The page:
With a Cold War aesthetic, a video game vibe and startling acrobatic acts – it’s safe to say this is not your average circus performance.
Even before the show has begun, two of the cast have infiltrated the audience setting the tone for the evening. It’s a fun, surprising, creative performance and draws gasps of amazement and awe from the audience.
Cirkopolis is heavily influenced by Charlie Chaplin’s epic sci-fi film Metropolis, as evidenced in the name. What makes Cirkopolis unique isn’t just the dare devilry and skill of the acrobats, but the graphics used in the large screen. It feels like you’re in an avant-garde video game, or even a Berlin nightclub. Constantly moving, showing sci-fi vistas like industrial estates or abandoned Romanesque architecture, it gives an added bleakness that makes the feats of acrobatics stand out even more.
There’s more story than most circus performances – surprisingly it’s about the daily grind. The main character is former acrobat Ashley, who is stuck in a grim office, with an ever-growing pile of papers to stamp, hassled by colleagues and bullied by menacing men in coats.
But it’s not all corporate doom and gloom. Ashley has a clownish lovability to his personality, and there’s sharp humour sprinkled throughout the performance. The show is interspersed with softer moments, too. The heavy industrial vibe, oppressive marching and Russian Cossack dancing is offset by the female fliers, decked out in floaty, bright dresses, bringing colour and softness.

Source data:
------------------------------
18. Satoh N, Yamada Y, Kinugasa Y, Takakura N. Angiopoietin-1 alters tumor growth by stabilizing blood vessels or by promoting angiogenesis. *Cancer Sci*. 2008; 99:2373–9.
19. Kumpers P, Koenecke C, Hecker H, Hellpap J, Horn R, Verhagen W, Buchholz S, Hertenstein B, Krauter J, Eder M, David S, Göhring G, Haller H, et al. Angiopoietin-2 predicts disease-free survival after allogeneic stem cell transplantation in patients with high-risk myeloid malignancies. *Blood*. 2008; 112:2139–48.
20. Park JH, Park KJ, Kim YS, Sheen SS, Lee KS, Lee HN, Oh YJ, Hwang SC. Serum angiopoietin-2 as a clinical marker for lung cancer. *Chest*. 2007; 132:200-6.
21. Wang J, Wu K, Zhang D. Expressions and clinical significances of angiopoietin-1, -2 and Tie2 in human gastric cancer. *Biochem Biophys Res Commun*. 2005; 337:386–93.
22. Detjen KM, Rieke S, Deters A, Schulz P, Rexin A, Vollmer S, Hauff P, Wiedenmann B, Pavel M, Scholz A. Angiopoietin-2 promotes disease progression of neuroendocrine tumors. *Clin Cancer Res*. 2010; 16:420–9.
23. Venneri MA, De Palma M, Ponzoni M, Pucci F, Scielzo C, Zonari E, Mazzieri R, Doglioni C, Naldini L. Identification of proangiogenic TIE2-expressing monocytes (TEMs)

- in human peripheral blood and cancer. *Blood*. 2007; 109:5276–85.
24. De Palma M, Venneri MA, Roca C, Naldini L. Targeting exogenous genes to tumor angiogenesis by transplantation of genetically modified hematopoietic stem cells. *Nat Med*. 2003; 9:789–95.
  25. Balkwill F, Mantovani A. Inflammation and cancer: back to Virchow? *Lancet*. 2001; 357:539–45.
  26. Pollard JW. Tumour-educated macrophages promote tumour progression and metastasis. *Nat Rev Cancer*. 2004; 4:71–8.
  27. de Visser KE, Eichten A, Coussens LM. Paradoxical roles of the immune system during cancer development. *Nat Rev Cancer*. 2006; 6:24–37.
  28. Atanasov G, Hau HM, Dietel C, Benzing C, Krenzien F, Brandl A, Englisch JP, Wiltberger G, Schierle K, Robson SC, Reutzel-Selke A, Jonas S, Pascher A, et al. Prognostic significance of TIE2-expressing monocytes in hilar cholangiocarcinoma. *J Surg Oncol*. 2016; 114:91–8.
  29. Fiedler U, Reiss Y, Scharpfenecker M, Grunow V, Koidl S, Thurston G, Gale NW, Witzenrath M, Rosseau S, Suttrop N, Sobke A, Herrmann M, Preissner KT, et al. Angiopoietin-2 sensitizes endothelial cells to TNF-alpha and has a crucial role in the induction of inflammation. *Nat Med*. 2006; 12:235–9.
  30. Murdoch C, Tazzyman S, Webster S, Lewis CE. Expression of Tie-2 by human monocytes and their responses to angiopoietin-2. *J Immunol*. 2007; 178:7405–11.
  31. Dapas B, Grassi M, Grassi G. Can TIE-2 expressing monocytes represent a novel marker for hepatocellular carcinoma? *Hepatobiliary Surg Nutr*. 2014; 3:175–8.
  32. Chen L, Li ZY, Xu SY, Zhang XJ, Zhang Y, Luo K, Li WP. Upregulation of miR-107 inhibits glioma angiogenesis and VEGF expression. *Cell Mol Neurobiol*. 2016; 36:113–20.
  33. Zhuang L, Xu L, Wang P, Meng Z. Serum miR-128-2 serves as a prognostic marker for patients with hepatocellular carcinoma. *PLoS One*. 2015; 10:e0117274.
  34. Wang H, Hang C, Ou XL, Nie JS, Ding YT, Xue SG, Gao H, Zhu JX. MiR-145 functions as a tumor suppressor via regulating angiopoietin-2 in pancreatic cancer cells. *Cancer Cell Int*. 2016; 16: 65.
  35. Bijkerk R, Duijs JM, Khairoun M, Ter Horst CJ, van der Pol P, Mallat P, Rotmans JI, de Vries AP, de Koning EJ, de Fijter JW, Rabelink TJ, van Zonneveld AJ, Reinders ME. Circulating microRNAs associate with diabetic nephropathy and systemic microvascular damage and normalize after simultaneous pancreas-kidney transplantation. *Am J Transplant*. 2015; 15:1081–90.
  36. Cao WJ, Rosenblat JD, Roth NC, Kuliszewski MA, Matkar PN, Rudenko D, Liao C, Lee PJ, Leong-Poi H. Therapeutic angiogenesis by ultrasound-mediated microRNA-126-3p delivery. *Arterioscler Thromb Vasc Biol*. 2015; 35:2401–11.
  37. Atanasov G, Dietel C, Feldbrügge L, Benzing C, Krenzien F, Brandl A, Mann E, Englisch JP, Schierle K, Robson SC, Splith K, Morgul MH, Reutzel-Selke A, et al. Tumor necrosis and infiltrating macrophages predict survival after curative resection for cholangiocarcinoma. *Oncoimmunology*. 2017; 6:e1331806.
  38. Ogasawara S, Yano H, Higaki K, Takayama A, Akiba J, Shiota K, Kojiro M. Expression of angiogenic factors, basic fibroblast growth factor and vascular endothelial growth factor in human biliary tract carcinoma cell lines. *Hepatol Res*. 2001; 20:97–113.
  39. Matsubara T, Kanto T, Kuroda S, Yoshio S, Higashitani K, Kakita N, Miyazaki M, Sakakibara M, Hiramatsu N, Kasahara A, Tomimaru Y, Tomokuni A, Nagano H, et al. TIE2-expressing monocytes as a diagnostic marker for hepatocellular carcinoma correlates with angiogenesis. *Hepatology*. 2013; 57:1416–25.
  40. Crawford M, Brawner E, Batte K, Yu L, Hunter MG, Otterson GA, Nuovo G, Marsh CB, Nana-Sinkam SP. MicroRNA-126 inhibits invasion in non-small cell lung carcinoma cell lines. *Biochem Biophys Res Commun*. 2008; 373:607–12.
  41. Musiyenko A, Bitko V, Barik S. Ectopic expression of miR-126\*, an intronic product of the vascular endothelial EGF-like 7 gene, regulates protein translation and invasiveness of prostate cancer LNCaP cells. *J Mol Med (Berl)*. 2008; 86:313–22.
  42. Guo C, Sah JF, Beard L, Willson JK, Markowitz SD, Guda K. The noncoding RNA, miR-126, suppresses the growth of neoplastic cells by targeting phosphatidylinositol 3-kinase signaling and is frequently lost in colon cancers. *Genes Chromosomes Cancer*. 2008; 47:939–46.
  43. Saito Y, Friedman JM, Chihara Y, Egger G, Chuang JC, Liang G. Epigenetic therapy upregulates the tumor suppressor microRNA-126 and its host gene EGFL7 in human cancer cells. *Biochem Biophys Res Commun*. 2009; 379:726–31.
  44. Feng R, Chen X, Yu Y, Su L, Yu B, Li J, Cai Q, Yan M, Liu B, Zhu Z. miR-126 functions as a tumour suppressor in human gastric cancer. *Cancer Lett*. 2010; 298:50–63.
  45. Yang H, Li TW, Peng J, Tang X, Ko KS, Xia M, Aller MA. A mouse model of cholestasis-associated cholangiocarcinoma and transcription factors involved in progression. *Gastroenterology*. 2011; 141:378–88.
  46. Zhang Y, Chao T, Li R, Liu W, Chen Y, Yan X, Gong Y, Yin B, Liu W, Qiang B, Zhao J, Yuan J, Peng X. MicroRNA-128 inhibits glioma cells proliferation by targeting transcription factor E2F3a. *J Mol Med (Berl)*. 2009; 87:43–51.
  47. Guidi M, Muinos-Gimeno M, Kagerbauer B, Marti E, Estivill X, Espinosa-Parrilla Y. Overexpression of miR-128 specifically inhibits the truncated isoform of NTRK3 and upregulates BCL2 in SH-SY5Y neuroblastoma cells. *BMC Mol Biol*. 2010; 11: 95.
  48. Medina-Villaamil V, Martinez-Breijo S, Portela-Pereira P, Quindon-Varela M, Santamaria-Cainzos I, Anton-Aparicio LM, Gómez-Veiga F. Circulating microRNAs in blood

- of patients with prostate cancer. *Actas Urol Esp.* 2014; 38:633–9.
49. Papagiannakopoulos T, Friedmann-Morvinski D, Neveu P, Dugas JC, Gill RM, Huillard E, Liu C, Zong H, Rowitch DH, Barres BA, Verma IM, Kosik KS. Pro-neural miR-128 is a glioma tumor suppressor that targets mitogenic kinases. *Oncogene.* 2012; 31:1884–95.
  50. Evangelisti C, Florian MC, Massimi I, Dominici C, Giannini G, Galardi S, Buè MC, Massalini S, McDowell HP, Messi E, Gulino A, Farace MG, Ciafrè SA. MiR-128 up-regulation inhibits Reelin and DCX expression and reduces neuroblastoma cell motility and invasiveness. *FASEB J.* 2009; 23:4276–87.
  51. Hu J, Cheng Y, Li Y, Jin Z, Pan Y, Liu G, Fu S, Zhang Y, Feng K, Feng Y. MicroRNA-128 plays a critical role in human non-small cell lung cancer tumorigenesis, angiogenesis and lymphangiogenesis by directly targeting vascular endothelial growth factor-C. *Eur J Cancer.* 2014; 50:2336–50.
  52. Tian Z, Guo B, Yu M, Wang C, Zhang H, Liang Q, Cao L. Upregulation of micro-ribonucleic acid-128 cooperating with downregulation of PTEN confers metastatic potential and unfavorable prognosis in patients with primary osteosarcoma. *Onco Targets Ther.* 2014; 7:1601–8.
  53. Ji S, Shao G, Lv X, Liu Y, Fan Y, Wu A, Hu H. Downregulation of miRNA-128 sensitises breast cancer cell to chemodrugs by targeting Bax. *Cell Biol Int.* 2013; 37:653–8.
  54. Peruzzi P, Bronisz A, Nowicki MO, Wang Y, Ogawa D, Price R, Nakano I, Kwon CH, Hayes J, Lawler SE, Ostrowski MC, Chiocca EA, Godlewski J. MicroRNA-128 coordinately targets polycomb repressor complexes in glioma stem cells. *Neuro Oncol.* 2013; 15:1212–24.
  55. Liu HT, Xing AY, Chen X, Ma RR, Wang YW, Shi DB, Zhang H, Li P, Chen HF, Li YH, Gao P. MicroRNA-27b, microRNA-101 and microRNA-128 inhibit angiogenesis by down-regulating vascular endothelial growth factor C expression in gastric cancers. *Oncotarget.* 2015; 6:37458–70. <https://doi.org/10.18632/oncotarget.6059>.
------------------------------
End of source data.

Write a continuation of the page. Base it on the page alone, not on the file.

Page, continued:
The outstanding acrobatics is a major draw. The coterie of acrobats, flier and jugglers put on impressive and highly choreographed displays of strength, skill and nerve. One acrobat, upside down on the Chinese pole, drops down at great speed and stops with his head mere inches from the floor – terrifying the audience. There is a joi de vivre in this Tron-esque world, using French music and the performers’ sense of humour and even shadows to lighten the mood.
One of the most impressive interludes (of which there are many) is one of the acrobatic fliers twisting her body into knots with the circus tent rope as the projection of the skyline in the background soars up – and then suddenly crashes. There’s a filmic feel to it, but it also opens it up so you feel like you’re outside and she’s really flying.
Cirkopolis by Cirque Eloize is showing at EICC until 28 August - tickets are available here